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DU reflects on Egypt’s uprising

Professor Mohamed Askar lectures to class about Egyptian Revolution. Credit: Dominic Schwab, Dominican Star.

By: Dominic Schwab, Staff Reporter

A number of Egyptian citizens successfully and peacefully revolted against President Hosni Mubarak during an 18-day protest from Jan. 25 to Feb. 11 because of their growing dissatisfaction with Mubarak’s leadership.  Mubarak had served as president for three decades until his corrupt practices were uncovered over the last five or six years.  Using Facebook, the Egyptian citizens united to end Mubarak’s presidential reign.

Dominican students were aware of Facebook’s role in the revolution.

“I know that prior to the revolution, Egypt was under the rule of President Mubarak for over 30 years,” senior James Ortega said. “Egyptian citizens were unhappy with Mubarak’s regime and, through Facebook, they banded together to change the government.”

Senior Jaron Salazar noted that Egyptian citizens united through the popular social network in order to protest.

“[The Egyptian people] were aided by Facebook to get change by protesting. The pressures they put on Mubarak spawned the revolution,” he said

Professor Mohamed Askar, an associate professor of management at Dominican who was born and lived in Egypt before moving to America, had more to add about the role Facebook played in the Egyptian revolution.

“The protests were done over Facebook,” he said. “Wael Ghonim, a former student of mine, is the Marketing Head of Google in the Middle East.  He was a main figure in organizing the protests through Facebook.”

Askar said that Mubarak rose to power, “in a critical time” after the assassination of Egyptian president Anwar El Sadat, and that he “acted as a reformist during the early years.” Over time, however, Egyptian citizens grew suspicious toward Mubarak’s presidency, a sentiment validated in recent years as Mubarak and his government’s corruption were exposed.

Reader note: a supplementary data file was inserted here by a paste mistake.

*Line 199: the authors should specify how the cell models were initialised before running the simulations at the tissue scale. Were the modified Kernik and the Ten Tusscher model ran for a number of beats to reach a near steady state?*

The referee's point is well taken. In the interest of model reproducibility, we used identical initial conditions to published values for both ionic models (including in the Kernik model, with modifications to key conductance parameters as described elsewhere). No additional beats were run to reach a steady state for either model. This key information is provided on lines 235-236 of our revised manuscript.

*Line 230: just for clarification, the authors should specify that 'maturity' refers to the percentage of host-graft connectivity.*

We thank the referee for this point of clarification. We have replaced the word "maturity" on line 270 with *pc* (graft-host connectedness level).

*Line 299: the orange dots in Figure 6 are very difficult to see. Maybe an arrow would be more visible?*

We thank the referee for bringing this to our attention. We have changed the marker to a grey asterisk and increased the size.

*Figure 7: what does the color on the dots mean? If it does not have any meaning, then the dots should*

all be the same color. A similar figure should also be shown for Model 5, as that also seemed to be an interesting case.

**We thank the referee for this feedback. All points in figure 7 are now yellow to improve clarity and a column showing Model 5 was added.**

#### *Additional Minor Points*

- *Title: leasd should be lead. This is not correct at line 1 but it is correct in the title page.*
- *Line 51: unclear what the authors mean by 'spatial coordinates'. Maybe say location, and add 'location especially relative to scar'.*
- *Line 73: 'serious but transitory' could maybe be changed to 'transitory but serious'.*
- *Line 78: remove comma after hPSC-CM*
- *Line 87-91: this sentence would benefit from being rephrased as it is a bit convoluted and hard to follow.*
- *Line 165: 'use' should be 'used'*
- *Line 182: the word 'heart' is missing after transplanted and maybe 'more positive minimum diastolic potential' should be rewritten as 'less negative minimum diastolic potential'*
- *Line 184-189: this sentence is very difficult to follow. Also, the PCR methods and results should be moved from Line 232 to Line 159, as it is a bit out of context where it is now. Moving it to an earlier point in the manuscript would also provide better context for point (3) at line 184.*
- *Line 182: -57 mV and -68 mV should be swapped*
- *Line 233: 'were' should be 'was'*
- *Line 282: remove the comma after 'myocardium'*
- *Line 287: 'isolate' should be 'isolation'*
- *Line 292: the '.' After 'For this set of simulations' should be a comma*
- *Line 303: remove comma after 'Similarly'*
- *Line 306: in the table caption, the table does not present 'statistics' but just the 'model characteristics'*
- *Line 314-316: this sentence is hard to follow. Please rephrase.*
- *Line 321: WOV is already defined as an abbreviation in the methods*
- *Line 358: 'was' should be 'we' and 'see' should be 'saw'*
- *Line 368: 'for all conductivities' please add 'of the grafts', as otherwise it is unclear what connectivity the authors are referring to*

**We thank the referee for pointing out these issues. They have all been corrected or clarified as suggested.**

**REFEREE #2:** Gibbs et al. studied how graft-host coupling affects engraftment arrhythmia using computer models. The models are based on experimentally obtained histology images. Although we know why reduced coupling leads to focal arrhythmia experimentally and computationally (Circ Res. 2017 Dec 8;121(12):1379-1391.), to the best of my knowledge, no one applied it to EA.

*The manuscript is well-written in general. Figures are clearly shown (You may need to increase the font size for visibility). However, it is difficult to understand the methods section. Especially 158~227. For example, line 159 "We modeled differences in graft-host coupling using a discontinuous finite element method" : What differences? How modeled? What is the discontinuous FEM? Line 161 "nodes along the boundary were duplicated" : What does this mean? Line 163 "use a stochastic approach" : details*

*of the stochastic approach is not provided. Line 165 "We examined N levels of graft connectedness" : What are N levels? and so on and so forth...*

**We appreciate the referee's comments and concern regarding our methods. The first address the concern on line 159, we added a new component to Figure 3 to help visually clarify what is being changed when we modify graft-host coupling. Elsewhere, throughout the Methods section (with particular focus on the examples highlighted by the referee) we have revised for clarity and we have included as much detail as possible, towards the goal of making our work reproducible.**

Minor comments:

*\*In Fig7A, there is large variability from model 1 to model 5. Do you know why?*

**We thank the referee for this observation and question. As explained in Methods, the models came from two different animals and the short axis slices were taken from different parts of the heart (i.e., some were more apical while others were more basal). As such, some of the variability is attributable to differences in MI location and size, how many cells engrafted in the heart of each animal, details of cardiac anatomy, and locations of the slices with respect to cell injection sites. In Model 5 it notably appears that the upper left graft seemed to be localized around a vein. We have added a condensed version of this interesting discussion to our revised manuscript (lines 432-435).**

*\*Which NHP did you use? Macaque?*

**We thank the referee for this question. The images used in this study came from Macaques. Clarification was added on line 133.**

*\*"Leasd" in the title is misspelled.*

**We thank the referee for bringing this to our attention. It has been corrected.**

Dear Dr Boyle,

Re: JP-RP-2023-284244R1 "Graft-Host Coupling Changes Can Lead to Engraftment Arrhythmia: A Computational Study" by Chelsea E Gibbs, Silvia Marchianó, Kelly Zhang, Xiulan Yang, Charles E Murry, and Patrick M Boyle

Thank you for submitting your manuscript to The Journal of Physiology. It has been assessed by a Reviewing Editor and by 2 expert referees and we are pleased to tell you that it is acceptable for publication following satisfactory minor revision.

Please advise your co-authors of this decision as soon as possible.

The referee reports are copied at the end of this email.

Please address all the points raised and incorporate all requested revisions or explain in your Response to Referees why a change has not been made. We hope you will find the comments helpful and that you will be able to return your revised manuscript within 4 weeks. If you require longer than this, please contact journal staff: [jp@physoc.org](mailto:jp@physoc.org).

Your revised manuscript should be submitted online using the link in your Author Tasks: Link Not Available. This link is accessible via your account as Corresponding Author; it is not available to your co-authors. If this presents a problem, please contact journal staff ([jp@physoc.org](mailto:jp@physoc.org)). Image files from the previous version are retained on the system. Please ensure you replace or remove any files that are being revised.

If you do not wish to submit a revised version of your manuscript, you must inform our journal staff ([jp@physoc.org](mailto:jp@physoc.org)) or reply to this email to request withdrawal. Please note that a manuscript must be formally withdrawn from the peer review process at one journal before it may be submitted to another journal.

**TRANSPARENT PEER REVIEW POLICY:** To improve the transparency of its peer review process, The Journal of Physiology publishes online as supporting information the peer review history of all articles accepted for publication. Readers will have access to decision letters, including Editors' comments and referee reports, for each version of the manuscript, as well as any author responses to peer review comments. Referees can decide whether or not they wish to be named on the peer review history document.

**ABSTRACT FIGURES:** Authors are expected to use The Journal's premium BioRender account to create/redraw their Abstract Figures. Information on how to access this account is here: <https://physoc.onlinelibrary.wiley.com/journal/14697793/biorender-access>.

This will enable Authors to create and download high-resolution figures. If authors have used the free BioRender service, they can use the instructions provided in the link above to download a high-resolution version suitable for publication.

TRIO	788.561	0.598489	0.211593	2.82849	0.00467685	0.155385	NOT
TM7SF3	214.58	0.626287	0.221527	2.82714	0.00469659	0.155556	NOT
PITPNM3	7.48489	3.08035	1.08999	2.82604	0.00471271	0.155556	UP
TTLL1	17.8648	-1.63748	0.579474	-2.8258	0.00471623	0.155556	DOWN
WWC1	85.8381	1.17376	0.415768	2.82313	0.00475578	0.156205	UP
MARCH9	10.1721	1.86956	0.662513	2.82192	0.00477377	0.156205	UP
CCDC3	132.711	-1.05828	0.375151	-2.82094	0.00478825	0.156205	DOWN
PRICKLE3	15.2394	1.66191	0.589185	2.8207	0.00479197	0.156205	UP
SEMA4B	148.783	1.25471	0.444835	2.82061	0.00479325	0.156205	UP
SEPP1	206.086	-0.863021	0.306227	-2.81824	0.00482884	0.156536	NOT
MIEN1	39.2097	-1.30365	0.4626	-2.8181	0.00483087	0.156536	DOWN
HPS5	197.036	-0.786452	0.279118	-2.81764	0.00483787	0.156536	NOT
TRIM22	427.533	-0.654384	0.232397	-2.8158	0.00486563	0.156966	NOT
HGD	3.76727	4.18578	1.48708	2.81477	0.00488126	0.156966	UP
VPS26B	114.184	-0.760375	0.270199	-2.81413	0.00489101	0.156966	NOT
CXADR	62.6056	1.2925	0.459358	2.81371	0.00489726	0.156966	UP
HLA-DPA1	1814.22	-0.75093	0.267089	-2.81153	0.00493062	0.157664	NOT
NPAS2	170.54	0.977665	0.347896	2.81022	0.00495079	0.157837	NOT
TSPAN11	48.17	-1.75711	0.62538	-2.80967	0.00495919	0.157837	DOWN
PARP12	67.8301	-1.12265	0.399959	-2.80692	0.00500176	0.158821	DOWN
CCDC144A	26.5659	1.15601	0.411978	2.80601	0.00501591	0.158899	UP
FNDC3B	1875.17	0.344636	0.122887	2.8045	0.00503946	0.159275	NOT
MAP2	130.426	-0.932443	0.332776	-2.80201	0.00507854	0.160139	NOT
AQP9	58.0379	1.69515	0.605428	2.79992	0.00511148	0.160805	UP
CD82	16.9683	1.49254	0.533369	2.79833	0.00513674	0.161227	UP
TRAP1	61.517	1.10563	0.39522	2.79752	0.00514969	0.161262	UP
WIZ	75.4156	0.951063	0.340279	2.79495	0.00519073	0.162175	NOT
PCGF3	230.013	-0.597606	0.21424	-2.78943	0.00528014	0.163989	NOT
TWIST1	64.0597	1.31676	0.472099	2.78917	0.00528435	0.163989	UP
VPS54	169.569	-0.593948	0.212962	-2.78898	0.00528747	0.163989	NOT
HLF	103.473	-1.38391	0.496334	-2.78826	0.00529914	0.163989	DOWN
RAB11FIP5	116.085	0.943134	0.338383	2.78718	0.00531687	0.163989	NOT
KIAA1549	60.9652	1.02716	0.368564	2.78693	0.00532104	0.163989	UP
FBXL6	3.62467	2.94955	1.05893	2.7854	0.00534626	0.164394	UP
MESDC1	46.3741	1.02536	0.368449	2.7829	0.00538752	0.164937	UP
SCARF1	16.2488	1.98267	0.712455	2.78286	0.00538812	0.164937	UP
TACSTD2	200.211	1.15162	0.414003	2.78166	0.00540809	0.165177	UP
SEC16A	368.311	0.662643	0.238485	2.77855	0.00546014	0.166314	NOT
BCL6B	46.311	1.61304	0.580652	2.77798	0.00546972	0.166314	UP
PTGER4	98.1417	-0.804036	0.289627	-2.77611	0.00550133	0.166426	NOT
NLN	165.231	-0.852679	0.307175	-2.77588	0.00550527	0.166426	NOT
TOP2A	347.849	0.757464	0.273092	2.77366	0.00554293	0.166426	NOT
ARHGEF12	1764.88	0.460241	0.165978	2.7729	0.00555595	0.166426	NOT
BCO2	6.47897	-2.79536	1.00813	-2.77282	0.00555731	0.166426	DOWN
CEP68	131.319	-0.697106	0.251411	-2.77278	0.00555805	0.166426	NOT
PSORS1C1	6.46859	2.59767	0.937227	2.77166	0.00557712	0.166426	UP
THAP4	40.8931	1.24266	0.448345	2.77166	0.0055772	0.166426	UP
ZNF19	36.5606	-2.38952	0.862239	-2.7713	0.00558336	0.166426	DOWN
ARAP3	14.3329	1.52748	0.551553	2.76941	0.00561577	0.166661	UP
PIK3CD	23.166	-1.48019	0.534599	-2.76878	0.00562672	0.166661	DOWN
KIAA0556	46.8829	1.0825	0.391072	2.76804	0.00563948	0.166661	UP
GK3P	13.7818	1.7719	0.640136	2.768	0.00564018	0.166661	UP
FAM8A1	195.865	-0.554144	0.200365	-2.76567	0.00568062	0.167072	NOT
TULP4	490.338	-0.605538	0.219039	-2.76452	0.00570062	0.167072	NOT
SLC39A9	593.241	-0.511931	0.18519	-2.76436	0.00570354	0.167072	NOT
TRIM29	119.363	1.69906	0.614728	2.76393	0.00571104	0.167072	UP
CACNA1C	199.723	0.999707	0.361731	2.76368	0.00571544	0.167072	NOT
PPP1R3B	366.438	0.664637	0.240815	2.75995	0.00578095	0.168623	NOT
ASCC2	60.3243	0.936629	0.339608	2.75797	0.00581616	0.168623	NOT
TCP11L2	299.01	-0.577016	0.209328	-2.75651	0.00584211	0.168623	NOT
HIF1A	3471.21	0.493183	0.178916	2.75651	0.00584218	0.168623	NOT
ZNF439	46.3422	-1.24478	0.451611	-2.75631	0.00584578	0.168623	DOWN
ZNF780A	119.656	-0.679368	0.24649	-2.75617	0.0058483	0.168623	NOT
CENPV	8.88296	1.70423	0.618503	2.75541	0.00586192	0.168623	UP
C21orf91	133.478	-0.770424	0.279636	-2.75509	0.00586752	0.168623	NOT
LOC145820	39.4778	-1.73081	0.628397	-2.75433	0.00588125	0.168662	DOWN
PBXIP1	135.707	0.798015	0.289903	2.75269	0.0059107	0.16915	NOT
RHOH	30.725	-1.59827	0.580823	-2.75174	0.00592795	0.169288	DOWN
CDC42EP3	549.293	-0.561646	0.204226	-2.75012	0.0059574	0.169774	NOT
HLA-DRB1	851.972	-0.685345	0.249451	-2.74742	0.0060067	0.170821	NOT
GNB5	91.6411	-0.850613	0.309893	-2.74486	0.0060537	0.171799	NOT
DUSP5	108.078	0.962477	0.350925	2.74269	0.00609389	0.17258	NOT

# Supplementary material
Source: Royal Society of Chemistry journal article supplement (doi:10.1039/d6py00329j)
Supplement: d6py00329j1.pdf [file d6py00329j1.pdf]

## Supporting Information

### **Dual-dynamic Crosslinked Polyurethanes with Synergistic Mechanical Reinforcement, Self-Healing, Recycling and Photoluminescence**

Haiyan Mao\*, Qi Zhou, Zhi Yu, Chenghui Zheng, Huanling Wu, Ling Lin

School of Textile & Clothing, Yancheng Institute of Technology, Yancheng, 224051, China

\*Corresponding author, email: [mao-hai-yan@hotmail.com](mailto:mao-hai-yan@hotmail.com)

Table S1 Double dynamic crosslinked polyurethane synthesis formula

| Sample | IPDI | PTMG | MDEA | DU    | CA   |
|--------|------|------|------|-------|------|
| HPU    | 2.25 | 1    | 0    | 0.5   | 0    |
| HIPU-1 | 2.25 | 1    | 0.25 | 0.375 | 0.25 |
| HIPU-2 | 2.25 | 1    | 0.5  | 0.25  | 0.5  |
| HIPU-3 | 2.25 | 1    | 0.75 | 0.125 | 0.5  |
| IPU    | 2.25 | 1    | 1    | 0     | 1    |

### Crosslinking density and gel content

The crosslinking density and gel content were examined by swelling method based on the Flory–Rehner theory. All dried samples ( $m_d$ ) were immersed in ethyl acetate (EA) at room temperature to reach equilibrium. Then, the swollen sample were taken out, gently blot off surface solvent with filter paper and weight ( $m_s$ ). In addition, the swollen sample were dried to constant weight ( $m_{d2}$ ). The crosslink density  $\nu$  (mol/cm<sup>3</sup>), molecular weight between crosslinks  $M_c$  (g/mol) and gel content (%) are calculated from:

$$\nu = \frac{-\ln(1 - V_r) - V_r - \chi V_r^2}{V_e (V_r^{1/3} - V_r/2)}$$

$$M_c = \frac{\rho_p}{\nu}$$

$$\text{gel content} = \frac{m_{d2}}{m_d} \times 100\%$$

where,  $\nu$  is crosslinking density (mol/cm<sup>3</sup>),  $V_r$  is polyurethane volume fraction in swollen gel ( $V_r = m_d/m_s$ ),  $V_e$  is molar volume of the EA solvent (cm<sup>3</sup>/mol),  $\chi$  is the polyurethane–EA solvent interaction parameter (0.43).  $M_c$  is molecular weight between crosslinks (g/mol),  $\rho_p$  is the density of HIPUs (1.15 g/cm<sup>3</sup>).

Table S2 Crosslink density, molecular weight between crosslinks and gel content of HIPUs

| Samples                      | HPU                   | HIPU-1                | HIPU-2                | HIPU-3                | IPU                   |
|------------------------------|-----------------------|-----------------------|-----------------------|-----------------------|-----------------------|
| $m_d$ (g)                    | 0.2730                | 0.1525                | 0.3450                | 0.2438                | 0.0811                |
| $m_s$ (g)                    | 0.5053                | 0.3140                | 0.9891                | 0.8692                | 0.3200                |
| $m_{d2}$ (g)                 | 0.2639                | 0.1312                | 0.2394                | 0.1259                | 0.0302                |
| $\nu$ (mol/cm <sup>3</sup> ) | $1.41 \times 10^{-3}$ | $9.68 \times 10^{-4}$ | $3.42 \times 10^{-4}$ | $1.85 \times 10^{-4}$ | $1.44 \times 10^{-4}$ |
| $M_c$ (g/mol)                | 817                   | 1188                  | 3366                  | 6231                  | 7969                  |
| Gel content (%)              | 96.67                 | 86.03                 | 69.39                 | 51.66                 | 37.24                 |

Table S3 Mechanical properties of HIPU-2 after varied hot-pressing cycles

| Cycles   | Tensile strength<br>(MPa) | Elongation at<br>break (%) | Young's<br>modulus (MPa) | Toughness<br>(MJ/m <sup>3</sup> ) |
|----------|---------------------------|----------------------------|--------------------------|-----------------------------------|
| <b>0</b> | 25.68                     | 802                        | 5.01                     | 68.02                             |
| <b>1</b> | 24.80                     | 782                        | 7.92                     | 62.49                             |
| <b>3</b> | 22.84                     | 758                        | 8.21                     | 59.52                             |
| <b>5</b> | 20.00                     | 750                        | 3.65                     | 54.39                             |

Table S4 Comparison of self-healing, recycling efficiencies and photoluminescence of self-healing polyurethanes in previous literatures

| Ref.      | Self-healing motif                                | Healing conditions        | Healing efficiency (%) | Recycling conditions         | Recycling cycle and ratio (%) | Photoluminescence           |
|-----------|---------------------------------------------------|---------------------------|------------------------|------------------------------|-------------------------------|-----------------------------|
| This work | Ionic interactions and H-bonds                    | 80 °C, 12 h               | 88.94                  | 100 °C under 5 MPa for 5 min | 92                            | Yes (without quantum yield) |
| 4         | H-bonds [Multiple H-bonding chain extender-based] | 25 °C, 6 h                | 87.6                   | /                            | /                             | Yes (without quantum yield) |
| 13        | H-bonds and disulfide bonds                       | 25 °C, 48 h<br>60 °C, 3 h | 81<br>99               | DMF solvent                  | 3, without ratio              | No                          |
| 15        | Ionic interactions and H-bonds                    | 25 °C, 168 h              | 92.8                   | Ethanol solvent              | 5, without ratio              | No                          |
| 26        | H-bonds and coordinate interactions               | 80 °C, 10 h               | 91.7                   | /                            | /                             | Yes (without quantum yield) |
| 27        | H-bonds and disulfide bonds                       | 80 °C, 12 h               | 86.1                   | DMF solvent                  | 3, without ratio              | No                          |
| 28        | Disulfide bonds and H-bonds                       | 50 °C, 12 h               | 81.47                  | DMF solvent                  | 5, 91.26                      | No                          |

“Mubarak was a pharaoh and his days are over,” Askar said.

Student opinions were mixed on the revolution’s outcome.  While Salazar and Ortega thought the revolution was necessary, both remain fearful for Egypt.

“The outcome up in the air,” Salazar said. “It depends who they put into power.  There’s the possibility of things falling apart.”

Salazar mentioned the United States’ offer to help Egypt create a democracy, but Egypt’s refusal because they “just wanted to work on creating a better government on their own.”

“I’m fearful that the military’s power may take advantage of the situation,” Ortega said.

Askar said the military and the people worked together as one to protest against Mubarak, but he realizes the possible negatives about how the country is now being run.

“The military is in power and will stay in power for six months,” Askar said. “I would like it if they stayed in power for one year so as to establish a long-lasting democracy that treats everyone equally and will hold the president accountable for [his] wrongs.”

“The revolution will have a big impact on the Middle East,” he said. “Egypt is the leader of the Middle East and I hope Egypt can move forward as a leader of peace and civilization in the world.”


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